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  • Writer's pictureK.E. Berr

Izumo no Okuni

Kabuki's Star

Izumo no Okuni (or Okuni of Izumo) was a Japanese actress, dancer and singer who created kabuki theatre in the 14th century. As kabukis creator, Okuni created not only a longstanding Japanese tradition but also an outrageous new type of performance that gave women a space to perform.

A traditional Japanese scroll painting of Izumo no Okuni during a performance.

Early Life

It is unclear exactly when Izumo no Okuni was born. It is believed that she was born in the early 1570s, likely between 1571 and 1573, in the city of Matsue. Very little is known about her family, and even less is known about her early life.

The Izumo-taisha shrine.

It can be assumed, though, that Okuni was heavily involved in religion. Matsue holds one of the oldest and most important Shinto temples in Japan, the Izumo Shinto Grand Shrine or the Izumo-taisha. Her father is believed to have worked as a blacksmith at the temple, and Okuni was likely a regular attendant.

This belief comes from the fact that Okuni would go on to serve as a Miko for the temple. Essentially, a Miko serves as a supplementary priestess for their temple. It was not uncommon at the time for priests, nuns and monks to be sent to the city to earn money on behalf of their temple. When they were unable to go, Mikos would be sent in their place.

As a Miko, Okuni would have been trained for the role at an early age. She would have had to learn various religious rituals, ceremonies and dances, which she could then perform and earn money in return. Usually, it was an easy task; the upper classes of Japan were usually the most interested in the performances of Mikos.

The role of a Miko was one that Okuni was expected to serve in for the rest of her life. It was also a role that Okuni seemed to enjoy serving in. She was described as being a perfect Miko. Not only was she beautiful, but also a talented performer.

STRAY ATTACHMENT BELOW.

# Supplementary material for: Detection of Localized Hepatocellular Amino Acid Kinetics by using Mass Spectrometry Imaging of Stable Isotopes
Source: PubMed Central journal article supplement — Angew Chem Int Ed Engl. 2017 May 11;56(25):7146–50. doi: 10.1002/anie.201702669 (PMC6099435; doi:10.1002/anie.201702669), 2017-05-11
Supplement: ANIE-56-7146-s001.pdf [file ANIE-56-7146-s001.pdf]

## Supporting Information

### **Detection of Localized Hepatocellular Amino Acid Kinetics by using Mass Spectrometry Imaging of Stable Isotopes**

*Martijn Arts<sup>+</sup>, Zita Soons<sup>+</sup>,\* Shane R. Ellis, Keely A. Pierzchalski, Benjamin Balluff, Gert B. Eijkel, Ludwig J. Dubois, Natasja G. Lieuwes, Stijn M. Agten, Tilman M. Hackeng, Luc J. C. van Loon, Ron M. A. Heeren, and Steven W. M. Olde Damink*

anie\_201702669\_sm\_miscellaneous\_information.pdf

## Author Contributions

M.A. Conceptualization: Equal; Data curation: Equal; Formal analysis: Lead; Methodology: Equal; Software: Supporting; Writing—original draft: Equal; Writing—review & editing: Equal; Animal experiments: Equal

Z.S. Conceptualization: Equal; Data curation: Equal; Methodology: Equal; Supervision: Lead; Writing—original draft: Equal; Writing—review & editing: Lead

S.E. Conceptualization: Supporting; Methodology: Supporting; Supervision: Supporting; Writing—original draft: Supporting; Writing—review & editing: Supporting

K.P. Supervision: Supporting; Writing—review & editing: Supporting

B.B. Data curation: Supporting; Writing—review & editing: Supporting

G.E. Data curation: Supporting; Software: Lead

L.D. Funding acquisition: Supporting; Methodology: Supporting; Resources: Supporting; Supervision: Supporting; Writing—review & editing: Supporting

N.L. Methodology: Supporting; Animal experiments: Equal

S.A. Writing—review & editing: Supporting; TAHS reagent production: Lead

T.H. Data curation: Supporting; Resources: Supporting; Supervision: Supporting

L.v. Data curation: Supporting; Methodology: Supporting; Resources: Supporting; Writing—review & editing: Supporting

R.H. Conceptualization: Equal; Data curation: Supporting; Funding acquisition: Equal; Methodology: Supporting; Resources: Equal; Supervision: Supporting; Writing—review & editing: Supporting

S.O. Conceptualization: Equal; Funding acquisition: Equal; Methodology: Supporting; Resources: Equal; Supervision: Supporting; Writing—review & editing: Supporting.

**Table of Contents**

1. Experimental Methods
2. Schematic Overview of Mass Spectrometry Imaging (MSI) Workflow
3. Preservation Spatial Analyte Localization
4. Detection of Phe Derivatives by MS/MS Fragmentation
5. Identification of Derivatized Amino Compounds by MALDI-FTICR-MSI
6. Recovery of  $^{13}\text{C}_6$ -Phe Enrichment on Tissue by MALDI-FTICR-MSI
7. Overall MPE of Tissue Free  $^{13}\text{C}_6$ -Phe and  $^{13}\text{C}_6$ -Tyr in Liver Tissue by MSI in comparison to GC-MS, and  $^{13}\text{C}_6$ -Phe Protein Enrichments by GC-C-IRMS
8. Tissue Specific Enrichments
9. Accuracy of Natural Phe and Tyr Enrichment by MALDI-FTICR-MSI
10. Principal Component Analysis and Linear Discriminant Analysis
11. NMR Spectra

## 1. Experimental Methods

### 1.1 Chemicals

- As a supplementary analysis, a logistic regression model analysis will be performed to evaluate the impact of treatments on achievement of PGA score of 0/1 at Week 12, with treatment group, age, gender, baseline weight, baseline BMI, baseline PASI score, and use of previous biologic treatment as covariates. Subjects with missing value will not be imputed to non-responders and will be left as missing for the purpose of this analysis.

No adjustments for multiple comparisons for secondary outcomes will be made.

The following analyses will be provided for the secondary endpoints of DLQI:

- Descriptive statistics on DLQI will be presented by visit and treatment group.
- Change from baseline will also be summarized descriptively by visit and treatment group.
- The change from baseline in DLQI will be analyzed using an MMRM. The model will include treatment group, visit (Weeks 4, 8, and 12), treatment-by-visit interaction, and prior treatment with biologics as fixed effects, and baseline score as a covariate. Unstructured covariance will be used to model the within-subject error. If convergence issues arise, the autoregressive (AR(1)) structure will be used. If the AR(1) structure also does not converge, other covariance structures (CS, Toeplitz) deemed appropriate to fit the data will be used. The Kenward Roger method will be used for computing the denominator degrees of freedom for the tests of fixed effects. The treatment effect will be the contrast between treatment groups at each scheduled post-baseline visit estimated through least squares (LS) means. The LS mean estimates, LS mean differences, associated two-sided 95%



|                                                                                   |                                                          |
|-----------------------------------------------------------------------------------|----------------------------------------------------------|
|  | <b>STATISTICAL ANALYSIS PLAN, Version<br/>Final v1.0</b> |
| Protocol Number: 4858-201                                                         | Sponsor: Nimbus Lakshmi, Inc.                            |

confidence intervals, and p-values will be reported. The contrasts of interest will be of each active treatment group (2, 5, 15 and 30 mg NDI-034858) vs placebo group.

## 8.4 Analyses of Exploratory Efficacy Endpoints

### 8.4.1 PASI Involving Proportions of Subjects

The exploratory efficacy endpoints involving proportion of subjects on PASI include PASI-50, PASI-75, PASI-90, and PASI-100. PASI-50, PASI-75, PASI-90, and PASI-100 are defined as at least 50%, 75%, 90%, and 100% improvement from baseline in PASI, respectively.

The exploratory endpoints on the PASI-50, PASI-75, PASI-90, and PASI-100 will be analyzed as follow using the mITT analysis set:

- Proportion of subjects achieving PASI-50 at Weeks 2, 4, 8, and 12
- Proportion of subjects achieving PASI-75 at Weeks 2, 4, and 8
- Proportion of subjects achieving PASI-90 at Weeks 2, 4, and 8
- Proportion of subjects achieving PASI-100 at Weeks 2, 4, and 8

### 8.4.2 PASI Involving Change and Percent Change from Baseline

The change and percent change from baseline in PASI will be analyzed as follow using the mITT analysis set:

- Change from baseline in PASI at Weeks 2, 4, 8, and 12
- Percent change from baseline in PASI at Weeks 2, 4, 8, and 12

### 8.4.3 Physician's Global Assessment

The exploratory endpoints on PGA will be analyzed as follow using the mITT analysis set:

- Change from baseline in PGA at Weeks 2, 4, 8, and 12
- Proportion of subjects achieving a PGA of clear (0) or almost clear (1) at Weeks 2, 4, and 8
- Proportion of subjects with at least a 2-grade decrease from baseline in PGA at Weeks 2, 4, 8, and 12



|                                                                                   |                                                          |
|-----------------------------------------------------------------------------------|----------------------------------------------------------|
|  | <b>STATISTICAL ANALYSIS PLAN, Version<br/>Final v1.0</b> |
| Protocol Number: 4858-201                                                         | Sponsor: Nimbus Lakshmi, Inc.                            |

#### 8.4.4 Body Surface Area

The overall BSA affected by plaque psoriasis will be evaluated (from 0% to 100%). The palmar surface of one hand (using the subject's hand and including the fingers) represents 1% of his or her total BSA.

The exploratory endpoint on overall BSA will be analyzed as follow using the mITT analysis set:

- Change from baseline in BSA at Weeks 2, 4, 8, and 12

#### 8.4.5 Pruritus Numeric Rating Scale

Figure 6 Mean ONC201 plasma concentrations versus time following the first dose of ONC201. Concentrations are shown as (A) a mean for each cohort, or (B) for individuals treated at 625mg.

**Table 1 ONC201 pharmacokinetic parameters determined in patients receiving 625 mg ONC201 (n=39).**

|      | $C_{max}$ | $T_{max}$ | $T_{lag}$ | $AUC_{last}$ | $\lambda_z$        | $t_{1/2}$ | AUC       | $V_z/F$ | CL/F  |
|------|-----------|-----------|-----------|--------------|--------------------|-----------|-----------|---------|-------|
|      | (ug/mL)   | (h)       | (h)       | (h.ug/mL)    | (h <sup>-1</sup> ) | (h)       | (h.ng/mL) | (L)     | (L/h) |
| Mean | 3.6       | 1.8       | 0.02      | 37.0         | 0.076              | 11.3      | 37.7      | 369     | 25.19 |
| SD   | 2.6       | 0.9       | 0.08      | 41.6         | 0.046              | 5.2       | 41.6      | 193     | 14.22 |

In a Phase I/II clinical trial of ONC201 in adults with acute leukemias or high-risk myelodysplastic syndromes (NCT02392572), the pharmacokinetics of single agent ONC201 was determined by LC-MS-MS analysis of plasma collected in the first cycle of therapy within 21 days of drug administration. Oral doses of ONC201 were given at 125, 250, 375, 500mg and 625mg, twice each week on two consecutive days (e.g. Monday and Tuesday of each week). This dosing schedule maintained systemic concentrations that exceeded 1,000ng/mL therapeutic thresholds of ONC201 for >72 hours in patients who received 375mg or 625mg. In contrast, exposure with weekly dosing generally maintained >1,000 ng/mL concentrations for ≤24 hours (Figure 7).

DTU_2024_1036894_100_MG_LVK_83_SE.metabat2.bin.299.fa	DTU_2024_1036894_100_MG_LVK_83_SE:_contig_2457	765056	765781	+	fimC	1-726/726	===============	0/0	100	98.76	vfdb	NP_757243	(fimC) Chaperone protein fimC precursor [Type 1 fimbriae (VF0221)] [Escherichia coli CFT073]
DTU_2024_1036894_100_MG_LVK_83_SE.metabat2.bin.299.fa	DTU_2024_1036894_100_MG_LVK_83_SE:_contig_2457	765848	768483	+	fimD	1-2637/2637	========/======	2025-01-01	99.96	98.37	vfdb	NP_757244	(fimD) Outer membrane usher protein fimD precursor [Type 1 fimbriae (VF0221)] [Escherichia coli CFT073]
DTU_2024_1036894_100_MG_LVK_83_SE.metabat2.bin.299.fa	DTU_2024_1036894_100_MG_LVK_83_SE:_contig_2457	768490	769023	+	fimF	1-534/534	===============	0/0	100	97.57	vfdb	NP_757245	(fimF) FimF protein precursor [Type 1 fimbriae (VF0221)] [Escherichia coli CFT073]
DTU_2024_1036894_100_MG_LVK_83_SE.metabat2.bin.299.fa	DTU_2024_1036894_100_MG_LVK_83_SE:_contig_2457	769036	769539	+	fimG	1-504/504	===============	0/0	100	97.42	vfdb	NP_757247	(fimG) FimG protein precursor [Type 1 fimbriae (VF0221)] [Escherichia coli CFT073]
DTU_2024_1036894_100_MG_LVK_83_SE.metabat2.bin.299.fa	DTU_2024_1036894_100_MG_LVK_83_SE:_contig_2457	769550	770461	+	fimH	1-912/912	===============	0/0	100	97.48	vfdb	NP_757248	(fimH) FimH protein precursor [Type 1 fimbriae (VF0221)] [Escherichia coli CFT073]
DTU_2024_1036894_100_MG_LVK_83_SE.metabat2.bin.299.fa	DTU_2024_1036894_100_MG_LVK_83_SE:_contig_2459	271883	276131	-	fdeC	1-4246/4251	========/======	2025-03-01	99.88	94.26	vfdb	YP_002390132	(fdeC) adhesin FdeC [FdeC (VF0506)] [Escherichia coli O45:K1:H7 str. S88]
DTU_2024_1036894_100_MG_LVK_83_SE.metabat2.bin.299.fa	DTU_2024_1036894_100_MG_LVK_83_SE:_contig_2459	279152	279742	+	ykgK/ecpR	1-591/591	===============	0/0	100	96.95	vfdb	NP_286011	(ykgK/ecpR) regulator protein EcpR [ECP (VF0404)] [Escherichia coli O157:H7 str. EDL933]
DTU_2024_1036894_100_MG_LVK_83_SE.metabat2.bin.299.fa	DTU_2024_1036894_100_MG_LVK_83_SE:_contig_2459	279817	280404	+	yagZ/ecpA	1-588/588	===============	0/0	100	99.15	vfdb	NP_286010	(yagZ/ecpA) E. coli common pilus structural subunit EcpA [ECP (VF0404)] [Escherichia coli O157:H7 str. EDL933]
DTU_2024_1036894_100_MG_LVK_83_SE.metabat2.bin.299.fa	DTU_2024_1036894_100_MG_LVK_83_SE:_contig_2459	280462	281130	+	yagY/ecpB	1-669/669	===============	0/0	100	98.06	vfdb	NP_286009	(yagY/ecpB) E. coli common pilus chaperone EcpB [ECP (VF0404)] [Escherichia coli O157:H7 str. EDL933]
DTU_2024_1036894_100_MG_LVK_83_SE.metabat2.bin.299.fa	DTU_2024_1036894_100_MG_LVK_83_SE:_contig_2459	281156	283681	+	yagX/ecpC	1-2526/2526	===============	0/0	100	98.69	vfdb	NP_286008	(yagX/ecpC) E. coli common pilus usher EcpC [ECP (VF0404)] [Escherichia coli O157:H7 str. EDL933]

Travelling to Kyoto

At the age of 16, Okuni was sent on a mission for her temple. She travelled to Kyoto, then the capital of Japan. There, she quickly gained attention, as expected it came mostly from the upper classes. However, she used it to her benefit, she likely would have known that the upper classes had some of the greatest control over the arts at the time, and they would be a useful audience to have.

Okuni wowed them with her signature dance, the Nambusu. Originally, it had been a sacred Buddhist dance that developed into a folk dance over time. Okuni developed it into her own style, and it took on a provocative tone. It fascinated her audiences. She only further captured attention when she started performing short scenes about scandalous topics, such as lovers and prostitutes, in which she often performed masculine roles. In time, Okuni drew more than the attention of the upper classes, instead, she began to gather crowds of citizens of all classes.

Okuni's travels to Kyoto were meant to be brief, and she was eventually called back to Matsue. However, Okuni decided not to return home. The exact reason as to why is unclear, but it could have been that she preferred to perform in Kyoto rather than live the humble life of a Miko in Matsue. She sent the money she had earned back to her temple and stayed in Kyoto, continuing her performances in the dry river beds of the city.